Across from me at Gate E5 was a local couple of a certain age (likely mine adjacent) who looked worn and unhappy. The man, a braided gray pony tail running down his back, brought a large plate lunch to eat with his wife, whose broad face was framed by glasses and slightly off-color hair. They just wanted to get home to Hilo, they said. Then: she had worked the night shift on O`ahu for years, hates O`ahu (her voice would get softer when she said, "people have such _attitude_"). And the traffic, the road rage. It wasn't really worth seeing the eruptions; better to watch on tv. Not much to being there, really, except to be cold.

When he'd lived in Makaha, he'd worked in Waikiki; got there on the bus. It took hours. Then they moved to Wahiawa; he worked for Enterprise Rental Car at the airport before he retired in 2014. They'd bought a couple of acres in HPP, and moved there. They didn't like O`ahu, would never live there again. "Two days max for me now," he said.

A delay was announced. The airplane from Kona had arrived late. "I just want to get home," she said. She didn't like O`ahu. Our Southwest numbers were next to one another, so we got on the plane together, finally, and they gave me the window seat, which I'd mentioned wanting a few times. She really just wanted to get home, she said from the middle seat, which she didn't mind.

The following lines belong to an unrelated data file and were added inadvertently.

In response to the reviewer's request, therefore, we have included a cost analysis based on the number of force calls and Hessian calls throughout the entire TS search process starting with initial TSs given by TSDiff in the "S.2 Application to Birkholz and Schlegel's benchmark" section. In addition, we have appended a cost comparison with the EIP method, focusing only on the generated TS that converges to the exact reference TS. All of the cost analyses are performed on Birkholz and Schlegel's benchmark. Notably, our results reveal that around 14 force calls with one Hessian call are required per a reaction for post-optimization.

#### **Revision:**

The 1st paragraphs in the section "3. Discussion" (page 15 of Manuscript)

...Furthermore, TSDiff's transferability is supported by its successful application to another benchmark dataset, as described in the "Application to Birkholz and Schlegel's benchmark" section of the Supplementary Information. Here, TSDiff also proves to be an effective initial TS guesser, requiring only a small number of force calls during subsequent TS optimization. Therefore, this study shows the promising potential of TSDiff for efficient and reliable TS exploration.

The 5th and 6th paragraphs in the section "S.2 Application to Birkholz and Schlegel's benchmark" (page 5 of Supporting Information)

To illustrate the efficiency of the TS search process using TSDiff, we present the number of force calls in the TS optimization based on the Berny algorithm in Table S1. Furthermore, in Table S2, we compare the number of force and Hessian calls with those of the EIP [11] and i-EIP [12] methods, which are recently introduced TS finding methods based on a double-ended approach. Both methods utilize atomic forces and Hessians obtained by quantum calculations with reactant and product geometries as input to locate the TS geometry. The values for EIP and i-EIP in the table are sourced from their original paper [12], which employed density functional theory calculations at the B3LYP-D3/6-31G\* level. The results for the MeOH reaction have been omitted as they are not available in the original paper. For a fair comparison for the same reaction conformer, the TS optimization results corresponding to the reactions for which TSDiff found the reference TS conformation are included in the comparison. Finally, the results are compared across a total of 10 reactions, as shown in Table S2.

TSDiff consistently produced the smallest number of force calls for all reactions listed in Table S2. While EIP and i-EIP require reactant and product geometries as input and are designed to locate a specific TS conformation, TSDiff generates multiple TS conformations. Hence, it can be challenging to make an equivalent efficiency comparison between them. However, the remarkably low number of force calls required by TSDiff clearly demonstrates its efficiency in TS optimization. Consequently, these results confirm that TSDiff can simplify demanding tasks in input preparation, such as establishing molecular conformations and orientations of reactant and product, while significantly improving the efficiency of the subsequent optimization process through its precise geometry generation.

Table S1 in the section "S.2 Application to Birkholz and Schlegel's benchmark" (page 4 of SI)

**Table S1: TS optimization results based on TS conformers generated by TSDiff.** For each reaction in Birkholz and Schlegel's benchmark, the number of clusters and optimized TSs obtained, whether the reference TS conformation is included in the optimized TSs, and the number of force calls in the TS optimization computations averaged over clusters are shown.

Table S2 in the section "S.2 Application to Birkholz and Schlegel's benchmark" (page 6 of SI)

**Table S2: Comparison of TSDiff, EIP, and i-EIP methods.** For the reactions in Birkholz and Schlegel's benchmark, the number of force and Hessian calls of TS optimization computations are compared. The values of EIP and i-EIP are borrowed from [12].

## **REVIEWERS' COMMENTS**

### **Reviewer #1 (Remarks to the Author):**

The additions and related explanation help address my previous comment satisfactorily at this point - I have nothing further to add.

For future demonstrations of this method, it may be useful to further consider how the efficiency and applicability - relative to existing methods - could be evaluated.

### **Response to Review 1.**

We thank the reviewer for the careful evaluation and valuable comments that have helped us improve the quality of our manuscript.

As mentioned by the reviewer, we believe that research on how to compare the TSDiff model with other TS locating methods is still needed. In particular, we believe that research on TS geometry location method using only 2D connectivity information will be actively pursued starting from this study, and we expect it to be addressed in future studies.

We got to the reef runway, about to take off, get her home, when the pilot, a woman with a slight German accent, came on to say there was an indicator on that meant we couldn't take off, would have to return to the gate. Getting back to the gate meant meandering from runway to runway, letting other planes land, and finally re-arriving at Honolulu's Daniel K. Inouye International Airport. The German woman came on and talked a long time before saying we were not getting off, the fix would be quick, and we'd be on our way.

Sounded like a light bulb needed replacing. At least that's what my pony tailed friend laughed about sardonically. The man in front of me, who had held a baby curious to lower the shade until he lost patience (he had none, truly) and thrust her at the woman seated beside him. He emitted a torrent of quiet "fuck's," and then fell asleep. When awake, he was unkind. When asleep, no doubt he was consistent.

The woman next to me really wanted to get home to Hilo. The captain said the issue was fixed, but now there was paperwork to do. 

We pushed back again. We taxied to the runway. We took off. The captain said we would be 1000% safe. Over Maui, I caught sight of Mauna Loa's plume! "I just want to get home, slip in my pajamas, and watch my show at 6," my neighbor said.